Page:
5.      PAUSE. Seriously. So many of us are go, go, go and fully engaged in getting things accomplished in our day to day routines that we fail to pause even briefly to notice our bodies and surroundings. It is imperative to read your body and your bodies reactions to the changing environments. To that end I strongly suggest Yoga, meditation, quiet time alone in many different environments, or whatever allows you to minimize distractions and focus on yourself. Go ahead, be selfish and pay attention to only you. The world can wait and you will be a much better equipped person for having listened. Maybe start by simply putting aside 10 minutes in the early morning or evening to start and update that journal. My big three "me" times are Yoga at my local rock-climbing gym, solo endurance exercise, and either a little time at the beach or in the mountains. Maybe your times include sitting in your car during the daily commute, people watching time between flights, or while partaking in an artistic talent. Whatever gets you in touch with your body is an improvement. Here are a few more suggestions: Foam rolling your muscles, day hikes in as many weather and topographic conditions as possible, tensing and releasing each individual muscle starting in your face and working down, turning off the headphones for today's activity, fully chewing your food and feeling it actually go into your body, and taking the stairs instead of the elevator.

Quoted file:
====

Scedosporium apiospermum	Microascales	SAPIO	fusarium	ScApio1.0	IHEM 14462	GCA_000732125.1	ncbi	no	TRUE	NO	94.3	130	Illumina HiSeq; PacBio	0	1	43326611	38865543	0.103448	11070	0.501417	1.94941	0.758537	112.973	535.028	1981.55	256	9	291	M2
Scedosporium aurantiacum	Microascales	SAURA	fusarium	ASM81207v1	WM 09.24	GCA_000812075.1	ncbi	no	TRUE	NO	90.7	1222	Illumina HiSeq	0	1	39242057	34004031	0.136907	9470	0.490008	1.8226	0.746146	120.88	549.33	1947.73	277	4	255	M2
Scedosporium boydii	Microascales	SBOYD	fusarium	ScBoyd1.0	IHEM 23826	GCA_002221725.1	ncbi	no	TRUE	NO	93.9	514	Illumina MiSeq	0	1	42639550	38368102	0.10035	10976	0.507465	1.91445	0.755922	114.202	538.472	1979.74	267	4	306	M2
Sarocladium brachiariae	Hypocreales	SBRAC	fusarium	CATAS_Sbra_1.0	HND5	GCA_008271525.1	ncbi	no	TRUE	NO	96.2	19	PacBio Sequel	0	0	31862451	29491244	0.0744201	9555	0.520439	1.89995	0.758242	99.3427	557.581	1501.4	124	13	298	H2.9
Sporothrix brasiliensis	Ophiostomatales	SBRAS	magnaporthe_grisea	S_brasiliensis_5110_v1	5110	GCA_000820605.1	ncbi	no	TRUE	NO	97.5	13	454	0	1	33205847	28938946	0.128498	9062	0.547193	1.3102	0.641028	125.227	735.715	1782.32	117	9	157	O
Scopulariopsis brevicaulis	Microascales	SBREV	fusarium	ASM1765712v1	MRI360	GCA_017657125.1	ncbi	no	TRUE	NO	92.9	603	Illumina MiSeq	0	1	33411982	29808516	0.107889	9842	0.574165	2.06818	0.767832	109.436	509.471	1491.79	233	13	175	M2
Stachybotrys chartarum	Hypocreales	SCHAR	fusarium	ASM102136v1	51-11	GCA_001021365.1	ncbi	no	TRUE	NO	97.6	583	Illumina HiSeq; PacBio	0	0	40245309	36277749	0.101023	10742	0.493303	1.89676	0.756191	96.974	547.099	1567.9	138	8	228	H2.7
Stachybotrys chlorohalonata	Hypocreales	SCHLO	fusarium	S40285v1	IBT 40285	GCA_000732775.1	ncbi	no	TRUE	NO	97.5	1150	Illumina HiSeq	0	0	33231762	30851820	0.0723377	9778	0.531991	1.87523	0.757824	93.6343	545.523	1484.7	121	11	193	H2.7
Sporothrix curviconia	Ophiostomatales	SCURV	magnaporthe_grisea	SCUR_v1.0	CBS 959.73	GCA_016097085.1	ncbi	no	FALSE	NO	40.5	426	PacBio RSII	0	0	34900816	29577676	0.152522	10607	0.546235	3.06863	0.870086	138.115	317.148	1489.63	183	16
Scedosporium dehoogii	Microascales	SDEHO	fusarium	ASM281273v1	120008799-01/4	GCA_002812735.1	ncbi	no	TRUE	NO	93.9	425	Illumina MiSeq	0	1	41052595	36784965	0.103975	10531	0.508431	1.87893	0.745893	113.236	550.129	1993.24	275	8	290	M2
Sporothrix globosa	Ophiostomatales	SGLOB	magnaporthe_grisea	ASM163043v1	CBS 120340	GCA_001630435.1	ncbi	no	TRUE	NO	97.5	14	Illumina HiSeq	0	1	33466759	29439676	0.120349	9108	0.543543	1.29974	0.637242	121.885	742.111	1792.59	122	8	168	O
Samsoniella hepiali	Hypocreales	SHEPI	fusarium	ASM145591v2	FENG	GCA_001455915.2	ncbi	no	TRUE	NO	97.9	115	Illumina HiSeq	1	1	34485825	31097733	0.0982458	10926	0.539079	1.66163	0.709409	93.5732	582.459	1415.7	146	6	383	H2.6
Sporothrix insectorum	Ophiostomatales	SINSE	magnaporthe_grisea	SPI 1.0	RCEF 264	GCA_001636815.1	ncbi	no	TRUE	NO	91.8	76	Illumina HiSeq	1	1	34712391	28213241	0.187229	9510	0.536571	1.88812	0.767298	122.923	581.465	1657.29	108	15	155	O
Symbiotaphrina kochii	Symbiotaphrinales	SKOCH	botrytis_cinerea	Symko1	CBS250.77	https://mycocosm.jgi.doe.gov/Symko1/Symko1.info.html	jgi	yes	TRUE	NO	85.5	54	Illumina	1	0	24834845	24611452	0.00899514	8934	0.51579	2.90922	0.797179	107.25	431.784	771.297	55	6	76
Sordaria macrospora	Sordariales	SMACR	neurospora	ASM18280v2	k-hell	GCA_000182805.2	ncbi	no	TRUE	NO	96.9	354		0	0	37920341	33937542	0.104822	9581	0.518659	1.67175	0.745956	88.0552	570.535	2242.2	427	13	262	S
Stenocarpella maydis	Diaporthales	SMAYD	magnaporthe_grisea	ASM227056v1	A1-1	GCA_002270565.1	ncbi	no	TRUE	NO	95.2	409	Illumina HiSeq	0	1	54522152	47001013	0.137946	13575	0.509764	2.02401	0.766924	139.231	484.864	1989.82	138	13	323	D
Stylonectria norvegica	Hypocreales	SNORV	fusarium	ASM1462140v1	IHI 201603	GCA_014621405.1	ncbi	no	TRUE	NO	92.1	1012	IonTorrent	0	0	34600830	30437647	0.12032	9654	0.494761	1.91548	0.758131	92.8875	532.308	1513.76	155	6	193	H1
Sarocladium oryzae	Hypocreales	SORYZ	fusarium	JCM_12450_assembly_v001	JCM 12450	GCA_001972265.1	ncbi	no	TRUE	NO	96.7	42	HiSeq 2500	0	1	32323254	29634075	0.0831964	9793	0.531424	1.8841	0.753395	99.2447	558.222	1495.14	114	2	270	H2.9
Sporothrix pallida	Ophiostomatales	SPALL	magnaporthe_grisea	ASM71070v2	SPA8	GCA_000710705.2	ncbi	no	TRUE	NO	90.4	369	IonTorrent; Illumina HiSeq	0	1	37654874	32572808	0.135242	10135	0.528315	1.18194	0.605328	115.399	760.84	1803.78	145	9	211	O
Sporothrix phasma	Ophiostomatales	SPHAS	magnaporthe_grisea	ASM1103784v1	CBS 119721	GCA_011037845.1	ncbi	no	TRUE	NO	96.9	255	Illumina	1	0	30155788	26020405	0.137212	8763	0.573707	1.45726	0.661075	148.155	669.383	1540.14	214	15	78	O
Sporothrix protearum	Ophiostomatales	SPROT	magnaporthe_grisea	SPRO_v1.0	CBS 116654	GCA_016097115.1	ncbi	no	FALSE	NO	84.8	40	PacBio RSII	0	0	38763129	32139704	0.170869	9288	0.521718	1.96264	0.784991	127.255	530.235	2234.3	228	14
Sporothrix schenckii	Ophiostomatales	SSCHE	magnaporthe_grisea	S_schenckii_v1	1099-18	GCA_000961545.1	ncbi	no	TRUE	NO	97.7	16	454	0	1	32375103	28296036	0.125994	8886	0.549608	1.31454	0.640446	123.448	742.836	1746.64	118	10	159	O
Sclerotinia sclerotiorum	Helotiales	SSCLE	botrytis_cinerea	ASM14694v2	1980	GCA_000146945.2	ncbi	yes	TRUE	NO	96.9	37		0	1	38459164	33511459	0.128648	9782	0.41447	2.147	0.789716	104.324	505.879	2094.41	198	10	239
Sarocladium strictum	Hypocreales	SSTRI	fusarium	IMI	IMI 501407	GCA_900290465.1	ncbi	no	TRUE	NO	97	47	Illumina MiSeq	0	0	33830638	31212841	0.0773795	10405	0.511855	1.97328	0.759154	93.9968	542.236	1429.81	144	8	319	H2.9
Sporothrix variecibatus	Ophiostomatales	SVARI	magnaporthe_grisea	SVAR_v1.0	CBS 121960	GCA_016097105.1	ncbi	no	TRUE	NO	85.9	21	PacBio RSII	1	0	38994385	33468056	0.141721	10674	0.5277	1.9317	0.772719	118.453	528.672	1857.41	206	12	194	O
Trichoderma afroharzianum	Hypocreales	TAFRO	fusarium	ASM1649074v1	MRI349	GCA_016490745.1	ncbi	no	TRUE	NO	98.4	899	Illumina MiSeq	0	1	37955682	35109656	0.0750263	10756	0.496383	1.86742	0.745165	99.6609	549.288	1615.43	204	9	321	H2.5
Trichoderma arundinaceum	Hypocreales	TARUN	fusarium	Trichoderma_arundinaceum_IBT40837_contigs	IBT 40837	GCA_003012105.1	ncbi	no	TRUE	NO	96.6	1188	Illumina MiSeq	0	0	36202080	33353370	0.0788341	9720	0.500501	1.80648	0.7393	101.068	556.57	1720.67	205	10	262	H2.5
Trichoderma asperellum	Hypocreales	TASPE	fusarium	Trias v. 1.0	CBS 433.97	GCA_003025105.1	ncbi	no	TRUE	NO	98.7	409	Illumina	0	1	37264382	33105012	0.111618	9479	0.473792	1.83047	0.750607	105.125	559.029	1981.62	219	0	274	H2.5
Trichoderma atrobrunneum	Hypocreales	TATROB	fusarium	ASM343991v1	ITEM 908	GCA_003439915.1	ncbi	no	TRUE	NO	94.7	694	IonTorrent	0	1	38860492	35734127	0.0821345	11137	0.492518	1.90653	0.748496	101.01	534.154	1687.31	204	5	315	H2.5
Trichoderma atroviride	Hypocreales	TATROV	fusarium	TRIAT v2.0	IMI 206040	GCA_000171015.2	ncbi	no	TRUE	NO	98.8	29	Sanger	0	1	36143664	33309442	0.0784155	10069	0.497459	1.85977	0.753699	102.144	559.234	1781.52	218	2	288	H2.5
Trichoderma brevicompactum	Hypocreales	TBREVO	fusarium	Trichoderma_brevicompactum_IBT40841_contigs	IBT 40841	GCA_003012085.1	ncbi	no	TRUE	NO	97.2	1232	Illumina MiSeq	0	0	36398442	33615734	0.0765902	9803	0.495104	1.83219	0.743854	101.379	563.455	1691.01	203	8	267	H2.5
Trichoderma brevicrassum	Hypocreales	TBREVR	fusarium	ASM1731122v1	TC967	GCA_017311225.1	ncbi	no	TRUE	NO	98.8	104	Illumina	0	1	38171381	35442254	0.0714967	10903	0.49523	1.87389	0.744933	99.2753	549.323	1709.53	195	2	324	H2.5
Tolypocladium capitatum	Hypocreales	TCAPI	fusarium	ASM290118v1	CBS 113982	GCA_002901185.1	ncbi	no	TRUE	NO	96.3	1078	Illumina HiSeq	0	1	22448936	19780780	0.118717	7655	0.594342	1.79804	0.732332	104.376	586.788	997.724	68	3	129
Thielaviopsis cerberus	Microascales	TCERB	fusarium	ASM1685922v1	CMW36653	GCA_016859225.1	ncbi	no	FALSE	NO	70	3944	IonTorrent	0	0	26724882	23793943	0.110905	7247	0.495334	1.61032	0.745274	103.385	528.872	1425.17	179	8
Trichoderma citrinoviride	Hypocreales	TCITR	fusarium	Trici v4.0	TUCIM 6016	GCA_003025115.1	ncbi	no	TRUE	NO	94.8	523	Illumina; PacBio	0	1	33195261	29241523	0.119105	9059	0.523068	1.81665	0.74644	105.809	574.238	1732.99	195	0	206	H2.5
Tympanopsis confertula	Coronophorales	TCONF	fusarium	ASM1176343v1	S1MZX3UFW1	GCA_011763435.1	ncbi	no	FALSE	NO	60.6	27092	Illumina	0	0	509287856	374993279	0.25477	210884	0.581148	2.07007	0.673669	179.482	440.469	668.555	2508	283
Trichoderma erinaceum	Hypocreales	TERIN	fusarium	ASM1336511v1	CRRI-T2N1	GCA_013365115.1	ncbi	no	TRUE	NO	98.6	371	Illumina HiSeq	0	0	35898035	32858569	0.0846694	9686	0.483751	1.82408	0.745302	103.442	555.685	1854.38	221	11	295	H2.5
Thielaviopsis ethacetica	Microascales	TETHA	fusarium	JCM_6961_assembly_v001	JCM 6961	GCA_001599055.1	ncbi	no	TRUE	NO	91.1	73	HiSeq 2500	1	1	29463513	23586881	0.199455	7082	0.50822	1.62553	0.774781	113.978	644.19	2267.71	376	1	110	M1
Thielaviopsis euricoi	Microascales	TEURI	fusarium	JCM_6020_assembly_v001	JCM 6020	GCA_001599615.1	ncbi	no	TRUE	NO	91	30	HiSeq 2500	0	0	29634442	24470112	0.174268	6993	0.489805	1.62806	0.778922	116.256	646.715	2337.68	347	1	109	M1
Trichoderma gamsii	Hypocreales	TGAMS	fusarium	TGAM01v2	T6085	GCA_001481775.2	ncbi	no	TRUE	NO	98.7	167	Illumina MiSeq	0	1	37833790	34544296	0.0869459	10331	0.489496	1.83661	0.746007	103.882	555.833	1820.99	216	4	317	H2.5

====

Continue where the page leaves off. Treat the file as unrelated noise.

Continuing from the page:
Reward is something we seek for many reasons including happiness, perceived health level, and challenge. Rewards rarely come without any risk and despite our best preparations, may not able to be obtained. The reward may even be removed or postponed due to factors beyond our control such as accidents, weather and other people involved.  Risk is something we want to be able to manage and hedge our bets on. In order to do so we want to have as much information related to that risk as possible. I hope my post helps you take more responsibility for the risks and therefore the rewards in your own life.